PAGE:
"Apollo Belvedere, Vatican" (Victorian Photographs by Robert MacPherson)
Apollo Belvedere, Vatican


The Apollo Belvedere, a 2nd century CE Roman copy of a 4th century BCE Greek bronze, is so named because of its one-time home in the small Bramante-designed sculpture court (Cortile del Belvedere) of the summer residence connected to the Vatican Palace. Having been transported to Paris amongst the trove of artworks confiscated by Napoleon as part of his 1796 campaign in Italy, it formed part of the Louvre’s collection until 1815 when it was repatriated to the Vatican, and where it has remained in the Museo Pio-Clementino since. As “the highest ideal of art among the works of antiquity that have escaped its destruction” (Winckelmann 332) —according to 18th century German art historian and archaeologist, J. J. Winckelmann—the Apollo Belvedere has been a favorite subject of study and object of emulation among artists over multiple centuries: northern Renaissance German painter Albrecht Dürer reversed the pose for his figure of Adam in his 1504 Adam and Eve; neoclassical Italian sculptor Antonio Canova drew inspiration from its "noble simplicity and quiet grandeur”—a phrase Winckelmann was known to liberally apply to any and all ancient works for which he had a particular fondness—for his 1801 Perseus. Despite ocassional criticism of the Apollo (noted late 18th/early 19th-century English essayist William Hazlitt called it “positively bad,” and noted Victorian art critic John Ruskin offers a less than flattering assessment of it), full-length plaster and bronze reproductions of the sculpture remained central to the cast collections of both individual art connoisseurs, as well as academic institutions. Less expensive, but equally impressive interpretive sketches, etchings, and paintings of the sculpture were still among the most popular souvenirs of wealthy 19th-century Grand Tour travelers.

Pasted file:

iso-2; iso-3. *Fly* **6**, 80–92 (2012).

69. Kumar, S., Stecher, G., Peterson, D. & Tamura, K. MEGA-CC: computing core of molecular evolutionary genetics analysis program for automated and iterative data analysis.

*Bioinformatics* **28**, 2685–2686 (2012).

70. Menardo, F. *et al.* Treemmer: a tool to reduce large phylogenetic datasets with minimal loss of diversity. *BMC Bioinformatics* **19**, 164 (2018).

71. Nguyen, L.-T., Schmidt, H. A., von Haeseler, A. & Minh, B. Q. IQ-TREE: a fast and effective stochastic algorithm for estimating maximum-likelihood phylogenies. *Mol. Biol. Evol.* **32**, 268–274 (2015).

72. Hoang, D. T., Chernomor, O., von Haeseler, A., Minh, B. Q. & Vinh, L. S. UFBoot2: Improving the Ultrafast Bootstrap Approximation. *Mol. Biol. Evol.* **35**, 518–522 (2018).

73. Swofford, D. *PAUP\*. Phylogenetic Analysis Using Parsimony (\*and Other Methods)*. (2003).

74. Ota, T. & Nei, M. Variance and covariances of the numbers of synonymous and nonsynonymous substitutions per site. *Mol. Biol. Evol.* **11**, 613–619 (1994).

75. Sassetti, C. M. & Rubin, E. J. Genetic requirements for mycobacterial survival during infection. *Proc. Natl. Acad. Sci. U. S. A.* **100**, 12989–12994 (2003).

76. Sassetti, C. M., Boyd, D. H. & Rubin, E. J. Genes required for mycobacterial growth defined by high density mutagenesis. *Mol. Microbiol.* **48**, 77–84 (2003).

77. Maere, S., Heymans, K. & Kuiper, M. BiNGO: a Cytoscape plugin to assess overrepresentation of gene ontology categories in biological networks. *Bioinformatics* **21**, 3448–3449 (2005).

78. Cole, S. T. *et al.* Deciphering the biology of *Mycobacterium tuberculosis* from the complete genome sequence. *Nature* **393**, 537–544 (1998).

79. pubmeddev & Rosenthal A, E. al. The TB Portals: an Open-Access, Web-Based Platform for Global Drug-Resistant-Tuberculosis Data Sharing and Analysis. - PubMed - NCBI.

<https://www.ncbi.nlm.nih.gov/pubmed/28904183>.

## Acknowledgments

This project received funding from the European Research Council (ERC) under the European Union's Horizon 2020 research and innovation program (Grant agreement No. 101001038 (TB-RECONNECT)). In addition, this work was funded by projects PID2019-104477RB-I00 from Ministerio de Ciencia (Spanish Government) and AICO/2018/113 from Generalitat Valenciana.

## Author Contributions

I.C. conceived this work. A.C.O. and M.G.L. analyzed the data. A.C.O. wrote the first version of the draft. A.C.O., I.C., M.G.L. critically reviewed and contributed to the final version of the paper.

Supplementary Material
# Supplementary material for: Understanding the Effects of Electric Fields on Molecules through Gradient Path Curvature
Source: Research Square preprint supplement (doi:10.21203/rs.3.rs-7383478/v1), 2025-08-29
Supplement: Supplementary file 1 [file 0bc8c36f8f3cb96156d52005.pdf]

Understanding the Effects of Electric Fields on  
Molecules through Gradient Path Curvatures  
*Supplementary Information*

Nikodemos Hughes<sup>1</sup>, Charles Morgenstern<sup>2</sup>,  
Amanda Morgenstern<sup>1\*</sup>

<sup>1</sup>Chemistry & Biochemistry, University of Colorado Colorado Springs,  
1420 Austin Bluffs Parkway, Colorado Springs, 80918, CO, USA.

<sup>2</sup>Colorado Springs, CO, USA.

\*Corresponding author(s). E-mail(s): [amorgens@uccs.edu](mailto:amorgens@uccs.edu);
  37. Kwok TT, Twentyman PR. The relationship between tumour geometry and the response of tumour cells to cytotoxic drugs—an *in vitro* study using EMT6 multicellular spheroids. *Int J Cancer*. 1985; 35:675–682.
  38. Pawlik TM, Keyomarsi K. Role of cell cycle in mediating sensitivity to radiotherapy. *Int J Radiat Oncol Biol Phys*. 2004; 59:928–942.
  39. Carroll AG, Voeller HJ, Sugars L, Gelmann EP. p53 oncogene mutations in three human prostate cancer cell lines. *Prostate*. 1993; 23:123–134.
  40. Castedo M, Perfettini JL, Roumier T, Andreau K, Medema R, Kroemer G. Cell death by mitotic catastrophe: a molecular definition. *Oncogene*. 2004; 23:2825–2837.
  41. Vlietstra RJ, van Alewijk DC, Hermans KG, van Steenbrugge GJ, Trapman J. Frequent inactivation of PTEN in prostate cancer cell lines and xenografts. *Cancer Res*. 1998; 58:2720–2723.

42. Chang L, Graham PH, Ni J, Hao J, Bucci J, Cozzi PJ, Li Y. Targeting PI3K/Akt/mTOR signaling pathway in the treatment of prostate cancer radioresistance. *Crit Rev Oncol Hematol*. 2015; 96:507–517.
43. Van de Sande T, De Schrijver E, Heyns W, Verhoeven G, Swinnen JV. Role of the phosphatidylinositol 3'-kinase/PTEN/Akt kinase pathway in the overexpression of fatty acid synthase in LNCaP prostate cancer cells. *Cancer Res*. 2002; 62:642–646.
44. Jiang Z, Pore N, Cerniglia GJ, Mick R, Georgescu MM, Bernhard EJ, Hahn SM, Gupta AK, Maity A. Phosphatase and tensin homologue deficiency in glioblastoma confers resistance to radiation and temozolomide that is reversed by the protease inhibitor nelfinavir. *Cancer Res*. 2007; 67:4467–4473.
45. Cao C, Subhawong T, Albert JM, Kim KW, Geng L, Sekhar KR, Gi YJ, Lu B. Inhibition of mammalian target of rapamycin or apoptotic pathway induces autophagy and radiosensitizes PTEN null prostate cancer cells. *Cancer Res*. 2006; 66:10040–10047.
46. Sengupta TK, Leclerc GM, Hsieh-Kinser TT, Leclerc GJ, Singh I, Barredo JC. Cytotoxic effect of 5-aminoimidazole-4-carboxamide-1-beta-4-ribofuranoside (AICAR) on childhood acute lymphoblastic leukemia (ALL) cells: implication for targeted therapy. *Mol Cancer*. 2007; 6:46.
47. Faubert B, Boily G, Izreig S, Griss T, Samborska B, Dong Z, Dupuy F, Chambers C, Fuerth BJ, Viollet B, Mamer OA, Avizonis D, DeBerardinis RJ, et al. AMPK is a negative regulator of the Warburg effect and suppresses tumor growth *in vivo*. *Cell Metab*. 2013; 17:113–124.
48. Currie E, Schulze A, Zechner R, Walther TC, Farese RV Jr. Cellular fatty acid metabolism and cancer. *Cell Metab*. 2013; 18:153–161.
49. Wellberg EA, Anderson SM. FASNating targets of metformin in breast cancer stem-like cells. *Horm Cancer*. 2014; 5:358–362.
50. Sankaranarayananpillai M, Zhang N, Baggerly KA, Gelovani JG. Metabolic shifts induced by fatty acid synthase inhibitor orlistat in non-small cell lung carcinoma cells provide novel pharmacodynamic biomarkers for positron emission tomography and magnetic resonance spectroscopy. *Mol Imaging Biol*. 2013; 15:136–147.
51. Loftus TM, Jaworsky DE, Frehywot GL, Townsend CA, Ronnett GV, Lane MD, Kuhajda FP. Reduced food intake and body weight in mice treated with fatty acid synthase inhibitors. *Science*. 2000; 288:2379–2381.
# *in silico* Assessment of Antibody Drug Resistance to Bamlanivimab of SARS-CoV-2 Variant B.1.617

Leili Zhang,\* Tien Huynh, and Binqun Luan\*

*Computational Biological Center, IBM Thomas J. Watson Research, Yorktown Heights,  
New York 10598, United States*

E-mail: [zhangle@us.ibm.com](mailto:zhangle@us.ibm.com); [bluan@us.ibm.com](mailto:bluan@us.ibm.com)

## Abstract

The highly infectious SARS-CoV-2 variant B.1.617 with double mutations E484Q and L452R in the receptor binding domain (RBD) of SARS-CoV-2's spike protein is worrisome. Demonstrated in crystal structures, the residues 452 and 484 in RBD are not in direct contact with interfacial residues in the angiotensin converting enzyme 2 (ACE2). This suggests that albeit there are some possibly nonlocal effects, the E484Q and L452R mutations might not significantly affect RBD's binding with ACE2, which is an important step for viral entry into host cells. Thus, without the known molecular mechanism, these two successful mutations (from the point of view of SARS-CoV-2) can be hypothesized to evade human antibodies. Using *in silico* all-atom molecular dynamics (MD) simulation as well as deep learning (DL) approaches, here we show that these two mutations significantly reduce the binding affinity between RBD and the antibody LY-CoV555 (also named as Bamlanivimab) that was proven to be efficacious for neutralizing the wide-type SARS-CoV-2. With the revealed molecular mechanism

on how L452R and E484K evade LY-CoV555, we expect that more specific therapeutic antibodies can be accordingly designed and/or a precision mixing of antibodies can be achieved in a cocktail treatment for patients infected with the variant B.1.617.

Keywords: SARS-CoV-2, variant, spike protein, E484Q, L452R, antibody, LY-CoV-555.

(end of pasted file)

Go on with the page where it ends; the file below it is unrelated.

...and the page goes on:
Associated Place(s)

Part of Group:


  • Robert MacPherson

Image Date: 

circa. 1870